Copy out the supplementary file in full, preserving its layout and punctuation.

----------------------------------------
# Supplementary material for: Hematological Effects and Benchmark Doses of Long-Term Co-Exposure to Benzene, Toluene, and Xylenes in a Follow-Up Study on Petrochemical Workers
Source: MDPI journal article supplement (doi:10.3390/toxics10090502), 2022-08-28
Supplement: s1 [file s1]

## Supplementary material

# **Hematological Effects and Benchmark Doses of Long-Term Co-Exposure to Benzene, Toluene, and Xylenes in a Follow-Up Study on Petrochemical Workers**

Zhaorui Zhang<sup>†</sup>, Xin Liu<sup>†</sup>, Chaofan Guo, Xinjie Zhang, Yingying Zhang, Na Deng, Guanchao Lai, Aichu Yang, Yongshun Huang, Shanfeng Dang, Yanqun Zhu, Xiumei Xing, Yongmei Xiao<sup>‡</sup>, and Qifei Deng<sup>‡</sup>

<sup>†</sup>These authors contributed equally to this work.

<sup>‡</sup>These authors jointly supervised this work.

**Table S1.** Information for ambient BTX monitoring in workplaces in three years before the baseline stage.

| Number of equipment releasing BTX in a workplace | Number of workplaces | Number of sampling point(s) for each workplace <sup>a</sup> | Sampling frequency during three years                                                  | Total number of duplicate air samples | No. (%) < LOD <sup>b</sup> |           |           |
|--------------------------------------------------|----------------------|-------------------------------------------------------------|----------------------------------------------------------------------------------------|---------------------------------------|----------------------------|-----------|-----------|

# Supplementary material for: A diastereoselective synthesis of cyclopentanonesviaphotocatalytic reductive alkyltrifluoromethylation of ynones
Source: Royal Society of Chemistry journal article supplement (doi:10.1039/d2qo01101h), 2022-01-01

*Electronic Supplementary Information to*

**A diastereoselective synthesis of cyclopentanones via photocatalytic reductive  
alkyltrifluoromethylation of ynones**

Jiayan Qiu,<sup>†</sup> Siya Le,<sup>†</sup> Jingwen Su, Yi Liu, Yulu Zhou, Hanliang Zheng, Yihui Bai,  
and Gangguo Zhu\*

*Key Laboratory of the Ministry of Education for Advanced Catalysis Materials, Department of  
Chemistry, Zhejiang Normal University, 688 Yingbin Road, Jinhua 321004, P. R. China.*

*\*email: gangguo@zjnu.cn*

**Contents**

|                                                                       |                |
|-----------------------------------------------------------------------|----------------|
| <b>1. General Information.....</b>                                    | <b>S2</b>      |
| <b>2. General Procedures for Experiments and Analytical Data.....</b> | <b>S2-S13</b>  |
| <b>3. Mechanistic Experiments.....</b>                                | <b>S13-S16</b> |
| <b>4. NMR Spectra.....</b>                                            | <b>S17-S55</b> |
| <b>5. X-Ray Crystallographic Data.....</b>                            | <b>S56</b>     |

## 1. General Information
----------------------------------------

# Supplementary material for: Hematological Effects and Benchmark Doses of Long-Term Co-Exposure to Benzene, Toluene, and Xylenes in a Follow-Up Study on Petrochemical Workers
Source: MDPI journal article supplement (doi:10.3390/toxics10090502), 2022-08-28
Supplement: s1 [file s1]

## Supplementary material

# **Hematological Effects and Benchmark Doses of Long-Term Co-Exposure to Benzene, Toluene, and Xylenes in a Follow-Up Study on Petrochemical Workers**

Zhaorui Zhang<sup>†</sup>, Xin Liu<sup>†</sup>, Chaofan Guo, Xinjie Zhang, Yingying Zhang, Na Deng, Guanchao Lai, Aichu Yang, Yongshun Huang, Shanfeng Dang, Yanqun Zhu, Xiumei Xing, Yongmei Xiao<sup>‡</sup>, and Qifei Deng<sup>‡</sup>

<sup>†</sup>These authors contributed equally to this work.

<sup>‡</sup>These authors jointly supervised this work.

**Table S1.** Information for ambient BTX monitoring in workplaces in three years before the baseline stage.

| Number of equipment releasing BTX in a workplace | Number of workplaces | Number of sampling point(s) for each workplace <sup>a</sup> | Sampling frequency during three years                                                  | Total number of duplicate air samples | No. (%) < LOD <sup>b</sup> |           |           |
|--------------------------------------------------|----------------------|-------------------------------------------------------------|----------------------------------------------------------------------------------------|---------------------------------------|----------------------------|-----------|-----------|

# Supplementary material for: A diastereoselective synthesis of cyclopentanonesviaphotocatalytic reductive alkyltrifluoromethylation of ynones
Source: Royal Society of Chemistry journal article supplement (doi:10.1039/d2qo01101h), 2022-01-01

*Electronic Supplementary Information to*

**A diastereoselective synthesis of cyclopentanones via photocatalytic reductive  
alkyltrifluoromethylation of ynones**

Jiayan Qiu,<sup>†</sup> Siya Le,<sup>†</sup> Jingwen Su, Yi Liu, Yulu Zhou, Hanliang Zheng, Yihui Bai,  
and Gangguo Zhu\*

*Key Laboratory of the Ministry of Education for Advanced Catalysis Materials, Department of  
Chemistry, Zhejiang Normal University, 688 Yingbin Road, Jinhua 321004, P. R. China.*

*\*email: gangguo@zjnu.cn*

**Contents**

|                                                                       |                |
|-----------------------------------------------------------------------|----------------|
| <b>1. General Information.....</b>                                    | <b>S2</b>      |
| <b>2. General Procedures for Experiments and Analytical Data.....</b> | <b>S2-S13</b>  |
| <b>3. Mechanistic Experiments.....</b>                                | <b>S13-S16</b> |
| <b>4. NMR Spectra.....</b>                                            | <b>S17-S55</b> |
| <b>5. X-Ray Crystallographic Data.....</b>                            | <b>S56</b>     |

## 1. General Information